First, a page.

the photoshooter's journey from taking to making


To view your earliest work is to encounter yourself as you would a stranger.

To view your earliest work is to encounter yourself as you would a stranger.


EVERY YEAR AT THIS TIME, AS I HIT THE RESET BUTTON ON MY LIFE VIA SOME KIND OF BIRTHDAY RITUAL, I pause to wonder, again, whether I’ve really learned anything at all in over fifty years of photography. Surely, by this late date, the habit of shooting constantly should have assured me that I had “arrived” at some place in terms of viewpoint or style, right? And yet, I still feel as if I am just barely inches off the starting line in terms of what there is left to learn, and how much more I need to know about seeing. It’s a great feeling in that it keeps things perpetually fresh, but I often wonder if I’ll ever make it to that mirage I see ever ahead of me.

The aging process, and how that continually remaps your perception, is one of the least pondered areas of criticism as it pertains to photography. And that’s very strange. We track the evolution of technical acuity over a lifetime. We date ourselves in reference to a piece of equipment we acquired, an influential person who crossed our path, or a body of work, but we don’t thoroughly examine how much our photography is being changed completely because the person making the picture is in constant flux. How can we ignore what seems to be the biggest shaper of our vision over time? We don’t even want the same things in an image from one year to the next, so how can we take photos in our maturity anything like those we shot in our youth?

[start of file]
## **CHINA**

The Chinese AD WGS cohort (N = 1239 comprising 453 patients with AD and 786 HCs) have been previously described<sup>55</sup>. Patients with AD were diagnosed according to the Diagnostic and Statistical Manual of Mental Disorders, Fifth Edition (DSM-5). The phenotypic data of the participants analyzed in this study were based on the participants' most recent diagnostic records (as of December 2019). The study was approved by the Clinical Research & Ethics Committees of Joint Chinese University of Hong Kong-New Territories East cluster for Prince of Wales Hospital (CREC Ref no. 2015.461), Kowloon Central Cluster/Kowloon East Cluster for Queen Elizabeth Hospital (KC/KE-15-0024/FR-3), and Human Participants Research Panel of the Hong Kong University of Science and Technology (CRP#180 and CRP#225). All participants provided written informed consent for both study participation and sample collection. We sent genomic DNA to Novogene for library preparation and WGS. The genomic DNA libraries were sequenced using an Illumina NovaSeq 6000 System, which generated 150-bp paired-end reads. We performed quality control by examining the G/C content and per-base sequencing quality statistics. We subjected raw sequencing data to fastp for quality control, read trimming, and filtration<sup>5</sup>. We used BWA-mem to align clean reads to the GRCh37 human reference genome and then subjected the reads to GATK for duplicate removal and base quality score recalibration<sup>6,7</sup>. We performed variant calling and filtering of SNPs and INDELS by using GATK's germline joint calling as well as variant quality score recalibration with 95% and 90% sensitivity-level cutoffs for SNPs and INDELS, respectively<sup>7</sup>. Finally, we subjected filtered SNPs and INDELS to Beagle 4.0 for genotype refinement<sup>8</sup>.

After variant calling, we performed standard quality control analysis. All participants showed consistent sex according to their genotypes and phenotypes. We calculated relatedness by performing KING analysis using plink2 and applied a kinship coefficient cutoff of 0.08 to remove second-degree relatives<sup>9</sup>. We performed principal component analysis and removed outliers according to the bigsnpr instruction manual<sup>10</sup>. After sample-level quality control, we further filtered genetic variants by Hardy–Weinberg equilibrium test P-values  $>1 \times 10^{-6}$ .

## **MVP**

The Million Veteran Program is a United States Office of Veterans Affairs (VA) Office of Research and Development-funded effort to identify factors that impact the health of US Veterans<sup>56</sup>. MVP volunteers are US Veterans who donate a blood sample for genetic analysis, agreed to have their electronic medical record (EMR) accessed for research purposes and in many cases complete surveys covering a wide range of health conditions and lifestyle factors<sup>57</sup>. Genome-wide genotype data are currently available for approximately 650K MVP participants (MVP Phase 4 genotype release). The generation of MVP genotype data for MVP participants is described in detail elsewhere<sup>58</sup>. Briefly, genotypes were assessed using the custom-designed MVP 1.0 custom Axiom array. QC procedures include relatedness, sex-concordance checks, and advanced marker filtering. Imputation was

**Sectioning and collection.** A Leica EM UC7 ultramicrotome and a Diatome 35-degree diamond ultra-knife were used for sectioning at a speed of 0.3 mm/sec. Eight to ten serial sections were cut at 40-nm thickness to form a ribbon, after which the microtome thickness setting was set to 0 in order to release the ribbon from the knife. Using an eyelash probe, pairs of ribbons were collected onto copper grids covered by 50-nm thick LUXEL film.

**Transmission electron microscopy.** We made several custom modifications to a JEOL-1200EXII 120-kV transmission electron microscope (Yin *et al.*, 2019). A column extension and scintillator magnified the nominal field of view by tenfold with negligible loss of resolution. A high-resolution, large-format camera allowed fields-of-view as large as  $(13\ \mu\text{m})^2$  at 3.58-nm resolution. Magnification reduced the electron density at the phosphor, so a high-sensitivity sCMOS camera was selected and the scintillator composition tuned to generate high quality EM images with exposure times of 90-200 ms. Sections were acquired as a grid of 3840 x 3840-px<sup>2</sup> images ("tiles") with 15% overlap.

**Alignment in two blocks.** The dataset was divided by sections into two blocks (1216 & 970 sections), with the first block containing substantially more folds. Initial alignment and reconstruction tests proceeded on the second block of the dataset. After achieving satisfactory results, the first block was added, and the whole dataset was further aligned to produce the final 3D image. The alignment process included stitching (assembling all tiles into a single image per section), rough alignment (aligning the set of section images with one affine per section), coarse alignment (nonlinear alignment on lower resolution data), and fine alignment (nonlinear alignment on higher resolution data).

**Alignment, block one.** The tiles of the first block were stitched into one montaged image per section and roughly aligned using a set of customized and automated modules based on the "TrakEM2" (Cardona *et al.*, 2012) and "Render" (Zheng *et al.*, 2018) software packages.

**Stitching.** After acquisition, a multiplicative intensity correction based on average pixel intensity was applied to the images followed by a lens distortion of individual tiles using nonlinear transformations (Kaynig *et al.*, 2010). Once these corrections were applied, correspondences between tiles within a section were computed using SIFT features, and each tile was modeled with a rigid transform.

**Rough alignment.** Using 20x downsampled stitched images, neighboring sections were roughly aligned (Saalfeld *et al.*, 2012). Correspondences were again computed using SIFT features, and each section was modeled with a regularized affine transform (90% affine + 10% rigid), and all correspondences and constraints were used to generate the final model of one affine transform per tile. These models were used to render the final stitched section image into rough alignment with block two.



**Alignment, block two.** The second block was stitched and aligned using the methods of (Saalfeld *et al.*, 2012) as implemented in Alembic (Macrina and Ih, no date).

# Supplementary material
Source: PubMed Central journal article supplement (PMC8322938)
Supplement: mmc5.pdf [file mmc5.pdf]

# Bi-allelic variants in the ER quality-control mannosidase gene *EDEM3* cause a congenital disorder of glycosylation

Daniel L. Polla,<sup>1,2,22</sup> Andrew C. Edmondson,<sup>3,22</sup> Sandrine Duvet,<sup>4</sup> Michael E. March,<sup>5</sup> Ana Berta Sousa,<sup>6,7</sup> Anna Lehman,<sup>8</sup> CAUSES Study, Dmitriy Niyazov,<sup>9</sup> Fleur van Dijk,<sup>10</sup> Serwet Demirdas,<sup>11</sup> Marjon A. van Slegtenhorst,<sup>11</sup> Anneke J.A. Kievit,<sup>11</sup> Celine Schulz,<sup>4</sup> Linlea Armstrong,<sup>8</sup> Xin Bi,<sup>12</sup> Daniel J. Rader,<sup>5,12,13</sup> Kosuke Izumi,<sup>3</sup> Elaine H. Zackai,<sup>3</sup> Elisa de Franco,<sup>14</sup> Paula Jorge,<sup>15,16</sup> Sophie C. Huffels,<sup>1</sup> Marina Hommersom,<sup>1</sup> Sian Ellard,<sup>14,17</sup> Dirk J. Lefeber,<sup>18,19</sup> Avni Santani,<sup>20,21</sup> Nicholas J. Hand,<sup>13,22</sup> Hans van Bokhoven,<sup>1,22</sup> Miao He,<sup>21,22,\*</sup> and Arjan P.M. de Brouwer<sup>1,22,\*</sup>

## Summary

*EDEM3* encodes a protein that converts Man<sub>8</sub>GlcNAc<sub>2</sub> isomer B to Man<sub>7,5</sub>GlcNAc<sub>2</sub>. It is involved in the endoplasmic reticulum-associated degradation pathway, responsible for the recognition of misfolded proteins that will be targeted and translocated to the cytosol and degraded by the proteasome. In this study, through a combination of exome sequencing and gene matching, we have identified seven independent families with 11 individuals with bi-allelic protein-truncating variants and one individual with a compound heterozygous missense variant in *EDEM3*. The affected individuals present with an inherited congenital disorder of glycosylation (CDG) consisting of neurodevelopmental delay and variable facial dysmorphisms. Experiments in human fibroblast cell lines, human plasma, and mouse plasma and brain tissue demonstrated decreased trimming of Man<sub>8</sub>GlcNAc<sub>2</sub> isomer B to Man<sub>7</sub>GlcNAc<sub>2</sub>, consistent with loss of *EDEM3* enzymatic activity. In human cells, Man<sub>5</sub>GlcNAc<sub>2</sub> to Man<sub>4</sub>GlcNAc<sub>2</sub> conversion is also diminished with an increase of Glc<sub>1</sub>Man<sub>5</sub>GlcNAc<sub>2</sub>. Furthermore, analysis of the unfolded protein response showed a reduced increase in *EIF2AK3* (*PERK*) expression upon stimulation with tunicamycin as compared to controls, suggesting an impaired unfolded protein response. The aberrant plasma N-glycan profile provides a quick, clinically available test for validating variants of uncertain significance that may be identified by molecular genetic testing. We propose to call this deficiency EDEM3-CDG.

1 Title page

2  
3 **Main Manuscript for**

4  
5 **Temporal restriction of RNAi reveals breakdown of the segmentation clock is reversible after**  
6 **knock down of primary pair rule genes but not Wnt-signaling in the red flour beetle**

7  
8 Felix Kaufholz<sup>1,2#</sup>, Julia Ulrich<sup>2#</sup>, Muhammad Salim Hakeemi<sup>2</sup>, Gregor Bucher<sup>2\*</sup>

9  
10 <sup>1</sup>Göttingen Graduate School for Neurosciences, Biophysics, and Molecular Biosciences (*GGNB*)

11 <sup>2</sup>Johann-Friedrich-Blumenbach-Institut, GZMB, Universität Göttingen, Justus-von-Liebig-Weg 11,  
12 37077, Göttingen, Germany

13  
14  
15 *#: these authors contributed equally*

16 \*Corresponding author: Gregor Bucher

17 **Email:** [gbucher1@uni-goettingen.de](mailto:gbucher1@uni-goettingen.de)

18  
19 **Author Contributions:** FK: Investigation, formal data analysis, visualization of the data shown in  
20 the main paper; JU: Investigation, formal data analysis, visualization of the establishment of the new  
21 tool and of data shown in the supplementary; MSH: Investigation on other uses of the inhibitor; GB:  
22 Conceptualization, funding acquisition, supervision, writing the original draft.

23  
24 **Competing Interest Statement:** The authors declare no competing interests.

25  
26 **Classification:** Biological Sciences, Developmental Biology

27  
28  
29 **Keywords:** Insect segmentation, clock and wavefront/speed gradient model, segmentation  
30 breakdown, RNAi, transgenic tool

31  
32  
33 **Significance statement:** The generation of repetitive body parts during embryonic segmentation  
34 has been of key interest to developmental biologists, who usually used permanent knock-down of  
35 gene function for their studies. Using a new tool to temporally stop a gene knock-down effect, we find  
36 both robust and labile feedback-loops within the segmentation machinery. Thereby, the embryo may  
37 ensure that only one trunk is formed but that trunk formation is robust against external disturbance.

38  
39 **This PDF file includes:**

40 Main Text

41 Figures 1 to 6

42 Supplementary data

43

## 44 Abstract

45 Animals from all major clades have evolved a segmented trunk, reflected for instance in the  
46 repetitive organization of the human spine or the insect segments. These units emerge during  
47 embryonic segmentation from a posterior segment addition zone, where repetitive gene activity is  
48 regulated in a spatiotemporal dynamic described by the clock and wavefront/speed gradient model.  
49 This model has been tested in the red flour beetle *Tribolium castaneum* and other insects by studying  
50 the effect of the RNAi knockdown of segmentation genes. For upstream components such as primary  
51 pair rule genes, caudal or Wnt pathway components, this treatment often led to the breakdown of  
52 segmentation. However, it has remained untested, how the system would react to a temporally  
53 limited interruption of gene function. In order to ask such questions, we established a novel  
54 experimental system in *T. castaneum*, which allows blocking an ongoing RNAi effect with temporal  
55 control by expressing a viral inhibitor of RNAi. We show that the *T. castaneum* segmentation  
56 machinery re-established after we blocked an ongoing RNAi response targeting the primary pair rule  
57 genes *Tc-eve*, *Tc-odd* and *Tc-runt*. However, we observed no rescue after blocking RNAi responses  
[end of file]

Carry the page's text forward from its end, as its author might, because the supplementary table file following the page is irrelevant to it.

Style is a constantly shifting timeline of approach.

Style is a constantly shifting timeline of approach.

Looking back to my first images, it’s clear that I thought the mere opportunity for a picture plus the act of clicking a shutter would result in a good picture, a kind of “cool view+camera=art” equation. This is to say that, instead of thinking, “I could make a good picture from this”, I was actually thinking, “this would be a good picture.” I know that sounds like hair-splitting of the first order, but the two statements are, in fact, different. The first implies that the camera plus the subject will automatically result in something solid; it’s a snapshot philosophy. The second statement is made by someone who has been frustrated by so many snapshots that he knows he has to step into the process as an active player. That realization can only come with age.

As always, my father’s admonition that art is a process rather than a product emerges as my prime directive. When I look at the pictures made by a twelve-year old me, I can at least see what the little punk was going for, and I can measure whether I’ve gotten any closer to that ideal than he did. The trick is for old me to want it as badly as young me did, and when that happens, I forget how many candles are on the cake, and am just grateful that their light still burns brightly.



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